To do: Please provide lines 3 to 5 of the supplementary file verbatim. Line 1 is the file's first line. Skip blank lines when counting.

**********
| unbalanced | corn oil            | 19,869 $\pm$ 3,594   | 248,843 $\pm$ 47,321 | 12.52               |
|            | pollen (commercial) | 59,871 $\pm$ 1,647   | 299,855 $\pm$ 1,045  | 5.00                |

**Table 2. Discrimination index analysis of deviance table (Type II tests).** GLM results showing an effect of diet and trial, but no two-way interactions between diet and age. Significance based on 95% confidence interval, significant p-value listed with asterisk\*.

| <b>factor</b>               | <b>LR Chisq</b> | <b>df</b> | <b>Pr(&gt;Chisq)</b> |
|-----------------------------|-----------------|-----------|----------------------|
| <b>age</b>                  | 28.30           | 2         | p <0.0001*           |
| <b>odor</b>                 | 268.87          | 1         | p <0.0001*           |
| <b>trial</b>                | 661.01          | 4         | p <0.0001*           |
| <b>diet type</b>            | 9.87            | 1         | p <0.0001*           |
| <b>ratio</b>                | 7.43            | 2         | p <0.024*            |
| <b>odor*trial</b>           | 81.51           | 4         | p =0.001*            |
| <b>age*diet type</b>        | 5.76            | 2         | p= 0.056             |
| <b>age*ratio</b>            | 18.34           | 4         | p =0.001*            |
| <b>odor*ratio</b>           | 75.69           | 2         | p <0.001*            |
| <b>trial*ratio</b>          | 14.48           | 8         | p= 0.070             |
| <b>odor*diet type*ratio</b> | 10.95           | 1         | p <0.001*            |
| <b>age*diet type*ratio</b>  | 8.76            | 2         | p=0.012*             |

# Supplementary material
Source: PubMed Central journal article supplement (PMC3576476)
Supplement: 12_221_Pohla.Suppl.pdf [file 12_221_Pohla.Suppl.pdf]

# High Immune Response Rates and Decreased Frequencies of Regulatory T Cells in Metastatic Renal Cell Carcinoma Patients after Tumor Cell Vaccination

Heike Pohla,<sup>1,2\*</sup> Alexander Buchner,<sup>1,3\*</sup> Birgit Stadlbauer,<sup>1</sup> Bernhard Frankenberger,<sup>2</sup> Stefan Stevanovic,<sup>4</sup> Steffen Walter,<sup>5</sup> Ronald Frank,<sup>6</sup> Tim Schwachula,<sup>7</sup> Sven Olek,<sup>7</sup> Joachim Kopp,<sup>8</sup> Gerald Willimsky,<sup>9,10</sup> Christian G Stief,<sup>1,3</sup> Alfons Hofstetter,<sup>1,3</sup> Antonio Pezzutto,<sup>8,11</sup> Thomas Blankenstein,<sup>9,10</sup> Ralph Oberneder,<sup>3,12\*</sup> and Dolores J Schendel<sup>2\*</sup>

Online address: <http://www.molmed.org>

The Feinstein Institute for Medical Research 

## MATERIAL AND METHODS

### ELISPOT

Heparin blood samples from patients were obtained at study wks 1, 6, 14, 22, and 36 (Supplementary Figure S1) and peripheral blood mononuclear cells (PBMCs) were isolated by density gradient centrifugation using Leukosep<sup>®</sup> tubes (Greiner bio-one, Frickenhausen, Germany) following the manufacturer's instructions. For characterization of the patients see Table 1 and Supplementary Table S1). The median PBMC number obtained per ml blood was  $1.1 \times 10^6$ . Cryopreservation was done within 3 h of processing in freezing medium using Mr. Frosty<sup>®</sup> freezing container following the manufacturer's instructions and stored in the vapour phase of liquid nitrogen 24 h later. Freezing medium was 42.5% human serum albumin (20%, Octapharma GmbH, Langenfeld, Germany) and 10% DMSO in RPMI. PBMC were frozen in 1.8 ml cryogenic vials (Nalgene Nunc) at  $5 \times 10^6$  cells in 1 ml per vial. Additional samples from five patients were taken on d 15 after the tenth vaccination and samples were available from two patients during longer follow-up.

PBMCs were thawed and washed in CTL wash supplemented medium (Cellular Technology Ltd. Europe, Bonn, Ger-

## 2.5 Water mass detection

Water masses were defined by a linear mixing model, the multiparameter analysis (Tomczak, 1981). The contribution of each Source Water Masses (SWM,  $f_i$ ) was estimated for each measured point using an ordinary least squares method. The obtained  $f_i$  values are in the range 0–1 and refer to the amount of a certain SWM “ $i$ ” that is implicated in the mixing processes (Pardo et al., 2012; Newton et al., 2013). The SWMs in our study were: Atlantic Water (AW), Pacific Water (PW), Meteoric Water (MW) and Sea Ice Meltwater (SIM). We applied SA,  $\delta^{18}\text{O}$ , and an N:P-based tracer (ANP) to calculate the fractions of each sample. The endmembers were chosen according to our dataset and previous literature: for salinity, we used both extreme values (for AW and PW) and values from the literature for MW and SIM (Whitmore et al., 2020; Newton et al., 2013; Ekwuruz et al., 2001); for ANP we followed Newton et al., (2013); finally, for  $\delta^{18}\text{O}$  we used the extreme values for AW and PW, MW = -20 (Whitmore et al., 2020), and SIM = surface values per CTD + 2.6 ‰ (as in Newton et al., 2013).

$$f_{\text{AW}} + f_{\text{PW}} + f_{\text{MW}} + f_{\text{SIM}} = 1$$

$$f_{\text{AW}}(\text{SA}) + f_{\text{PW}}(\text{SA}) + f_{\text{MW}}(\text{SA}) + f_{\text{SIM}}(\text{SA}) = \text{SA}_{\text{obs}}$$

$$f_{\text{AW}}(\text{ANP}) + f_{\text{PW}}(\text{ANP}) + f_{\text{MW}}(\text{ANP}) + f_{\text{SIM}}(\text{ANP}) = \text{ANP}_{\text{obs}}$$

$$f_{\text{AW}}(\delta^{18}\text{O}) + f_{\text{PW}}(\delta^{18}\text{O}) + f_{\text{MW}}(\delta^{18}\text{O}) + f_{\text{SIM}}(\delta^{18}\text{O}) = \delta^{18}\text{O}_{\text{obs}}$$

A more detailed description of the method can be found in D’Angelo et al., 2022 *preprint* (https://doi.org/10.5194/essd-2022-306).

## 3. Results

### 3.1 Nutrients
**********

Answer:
**Table 2. Discrimination index analysis of deviance table (Type II tests).** GLM results showing an effect of diet and trial, but no two-way interactions between diet and age. Significance based on 95% confidence interval, significant p-value listed with asterisk\*.

| <b>factor</b>               | <b>LR Chisq</b> | <b>df</b> | <b>Pr(&gt;Chisq)</b> |
|-----------------------------|-----------------|-----------|----------------------|